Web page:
Lin Wang

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Lin Wang (; Juyin: ㄌ一ㄣˊ ㄨㄤˋ pinyin: Lín Wàng; 1917February 26, 2003) was a famous Asian elephant that served with the Chinese Expeditionary Force during the Second Sino-Japanese War (1937–1945) and later relocated to Taiwan with the Kuomintang forces. Lin Wang lived out most of his life in the Taipei Zoo and unquestionably was the most popular and famous animal in Taiwan. Many adults and children alike affectionately called the bull elephant "Grandpa Lin Wang."

Sino-Japanese War

After Japan attacked Pearl Harbor in 1941, the Sino-Japanese War, which began in 1937, became a part of the greater conflict of World War II. When the Japanese proceeded to attack British colonies in Burma, Generalissimo Chiang Kai-shek formed the "Chinese Expeditionary Force" (中國遠征軍) under the leadership of General Sun Li-jen, to fight in the Burma Campaign. After a battle at a Japanese camp in 1943, Lin Wang, along with twelve other elephants, were captured by the Chinese. These elephants were used by the Japanese army to transport supplies and pull artillery pieces. The Allied forces also used these elephants to do similar tasks. At this time, Lin Wang was named "Ah Mei" (阿美), meaning "The Beautiful".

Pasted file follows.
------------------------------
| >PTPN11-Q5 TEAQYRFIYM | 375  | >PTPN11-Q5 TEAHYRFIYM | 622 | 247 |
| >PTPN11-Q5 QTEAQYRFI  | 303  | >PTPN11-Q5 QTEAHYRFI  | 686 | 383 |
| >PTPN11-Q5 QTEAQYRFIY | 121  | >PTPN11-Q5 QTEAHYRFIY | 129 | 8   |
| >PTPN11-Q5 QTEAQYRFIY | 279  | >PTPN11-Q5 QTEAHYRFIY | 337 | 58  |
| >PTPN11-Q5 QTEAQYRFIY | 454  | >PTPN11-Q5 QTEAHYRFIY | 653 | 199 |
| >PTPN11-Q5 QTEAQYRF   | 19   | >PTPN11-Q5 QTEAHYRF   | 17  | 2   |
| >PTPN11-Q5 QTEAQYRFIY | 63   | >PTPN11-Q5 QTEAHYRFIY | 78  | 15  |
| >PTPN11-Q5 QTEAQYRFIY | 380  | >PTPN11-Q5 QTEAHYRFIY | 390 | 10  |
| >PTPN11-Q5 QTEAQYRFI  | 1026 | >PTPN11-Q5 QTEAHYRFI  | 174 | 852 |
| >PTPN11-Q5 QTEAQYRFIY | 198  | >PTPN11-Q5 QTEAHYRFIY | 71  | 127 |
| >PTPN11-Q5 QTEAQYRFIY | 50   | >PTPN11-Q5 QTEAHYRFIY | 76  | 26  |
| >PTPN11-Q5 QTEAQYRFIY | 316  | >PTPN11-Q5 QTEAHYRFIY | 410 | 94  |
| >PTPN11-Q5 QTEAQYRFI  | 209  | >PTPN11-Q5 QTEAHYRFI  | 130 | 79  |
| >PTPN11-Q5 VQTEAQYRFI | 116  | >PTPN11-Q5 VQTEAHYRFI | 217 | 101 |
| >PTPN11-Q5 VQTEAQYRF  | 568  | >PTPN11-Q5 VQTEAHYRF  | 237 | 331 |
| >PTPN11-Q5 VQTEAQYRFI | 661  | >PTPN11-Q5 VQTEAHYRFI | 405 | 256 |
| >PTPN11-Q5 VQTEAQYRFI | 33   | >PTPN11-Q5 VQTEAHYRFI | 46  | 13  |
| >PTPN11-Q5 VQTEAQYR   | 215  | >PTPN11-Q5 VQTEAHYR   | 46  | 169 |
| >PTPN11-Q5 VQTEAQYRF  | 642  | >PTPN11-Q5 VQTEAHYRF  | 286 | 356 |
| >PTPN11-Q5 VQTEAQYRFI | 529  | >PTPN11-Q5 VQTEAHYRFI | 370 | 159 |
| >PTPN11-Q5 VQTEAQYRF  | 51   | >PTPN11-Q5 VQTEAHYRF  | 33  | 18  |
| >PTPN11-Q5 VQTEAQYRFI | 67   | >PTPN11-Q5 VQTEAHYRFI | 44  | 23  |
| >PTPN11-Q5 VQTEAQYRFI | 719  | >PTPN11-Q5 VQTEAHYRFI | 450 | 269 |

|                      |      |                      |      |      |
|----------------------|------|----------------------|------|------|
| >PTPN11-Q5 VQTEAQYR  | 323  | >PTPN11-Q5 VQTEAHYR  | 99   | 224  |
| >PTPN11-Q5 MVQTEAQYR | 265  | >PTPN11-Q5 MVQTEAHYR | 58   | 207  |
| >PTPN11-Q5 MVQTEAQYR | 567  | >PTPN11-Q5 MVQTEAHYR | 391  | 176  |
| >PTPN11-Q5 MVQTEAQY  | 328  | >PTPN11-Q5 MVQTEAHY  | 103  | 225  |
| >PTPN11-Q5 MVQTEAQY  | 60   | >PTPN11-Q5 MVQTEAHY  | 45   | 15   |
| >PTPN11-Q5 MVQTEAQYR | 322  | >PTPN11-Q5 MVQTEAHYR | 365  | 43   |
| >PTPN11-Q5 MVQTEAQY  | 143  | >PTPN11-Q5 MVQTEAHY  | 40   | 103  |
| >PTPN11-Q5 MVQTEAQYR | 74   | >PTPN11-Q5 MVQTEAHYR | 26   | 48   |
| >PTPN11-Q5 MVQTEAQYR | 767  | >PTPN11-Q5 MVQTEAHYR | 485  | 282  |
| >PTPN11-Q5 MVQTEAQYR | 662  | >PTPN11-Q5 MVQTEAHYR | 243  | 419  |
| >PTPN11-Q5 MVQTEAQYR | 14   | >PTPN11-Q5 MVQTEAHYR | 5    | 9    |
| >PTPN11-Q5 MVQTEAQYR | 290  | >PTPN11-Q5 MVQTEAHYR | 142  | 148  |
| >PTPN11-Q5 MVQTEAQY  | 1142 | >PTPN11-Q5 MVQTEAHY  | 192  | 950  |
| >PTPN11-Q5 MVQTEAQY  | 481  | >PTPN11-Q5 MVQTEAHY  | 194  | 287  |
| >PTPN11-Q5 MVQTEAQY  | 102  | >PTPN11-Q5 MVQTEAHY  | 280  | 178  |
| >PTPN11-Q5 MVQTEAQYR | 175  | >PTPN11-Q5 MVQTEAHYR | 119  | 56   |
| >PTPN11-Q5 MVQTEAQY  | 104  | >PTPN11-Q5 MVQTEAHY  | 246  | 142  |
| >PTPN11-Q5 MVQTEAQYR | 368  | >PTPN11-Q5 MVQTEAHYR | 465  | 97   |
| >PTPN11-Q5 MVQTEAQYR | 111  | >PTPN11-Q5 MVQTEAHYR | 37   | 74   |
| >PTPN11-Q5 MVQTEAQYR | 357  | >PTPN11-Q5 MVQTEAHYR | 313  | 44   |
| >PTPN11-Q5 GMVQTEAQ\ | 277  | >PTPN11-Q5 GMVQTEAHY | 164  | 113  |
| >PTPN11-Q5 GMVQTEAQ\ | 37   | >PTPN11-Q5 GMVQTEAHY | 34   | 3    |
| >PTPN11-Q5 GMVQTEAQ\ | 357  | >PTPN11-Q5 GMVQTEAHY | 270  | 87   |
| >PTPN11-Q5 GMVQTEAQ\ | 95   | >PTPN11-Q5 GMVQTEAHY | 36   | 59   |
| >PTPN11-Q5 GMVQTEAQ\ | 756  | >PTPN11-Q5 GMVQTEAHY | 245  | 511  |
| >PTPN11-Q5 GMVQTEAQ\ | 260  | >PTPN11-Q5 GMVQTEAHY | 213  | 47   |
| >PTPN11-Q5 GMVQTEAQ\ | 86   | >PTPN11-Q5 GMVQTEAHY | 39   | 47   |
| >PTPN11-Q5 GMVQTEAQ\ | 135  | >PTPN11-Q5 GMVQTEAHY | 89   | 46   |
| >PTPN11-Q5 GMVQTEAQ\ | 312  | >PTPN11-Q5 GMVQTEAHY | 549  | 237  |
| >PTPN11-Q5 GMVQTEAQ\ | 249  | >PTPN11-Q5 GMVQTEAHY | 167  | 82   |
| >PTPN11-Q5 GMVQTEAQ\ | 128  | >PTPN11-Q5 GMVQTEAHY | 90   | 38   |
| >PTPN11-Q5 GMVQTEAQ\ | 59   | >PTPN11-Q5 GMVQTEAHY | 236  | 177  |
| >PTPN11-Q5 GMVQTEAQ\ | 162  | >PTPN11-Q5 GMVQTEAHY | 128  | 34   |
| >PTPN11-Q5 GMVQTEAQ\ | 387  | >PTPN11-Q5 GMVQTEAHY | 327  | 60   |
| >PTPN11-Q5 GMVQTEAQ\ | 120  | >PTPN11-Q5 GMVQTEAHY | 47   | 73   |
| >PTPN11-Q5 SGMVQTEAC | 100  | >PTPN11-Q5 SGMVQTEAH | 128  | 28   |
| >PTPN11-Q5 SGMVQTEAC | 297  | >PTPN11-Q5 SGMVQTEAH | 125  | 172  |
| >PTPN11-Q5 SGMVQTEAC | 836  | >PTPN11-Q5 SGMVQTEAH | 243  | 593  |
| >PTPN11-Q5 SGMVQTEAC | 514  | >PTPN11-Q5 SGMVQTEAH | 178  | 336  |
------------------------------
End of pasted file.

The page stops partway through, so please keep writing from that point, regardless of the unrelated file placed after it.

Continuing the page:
In 1945, the Expeditionary Force was recalled back to China. The elephants and their handlers marched through the Burma Road and six elephants died during the difficult trek. By the time they arrived in Guangdong, the war ended....
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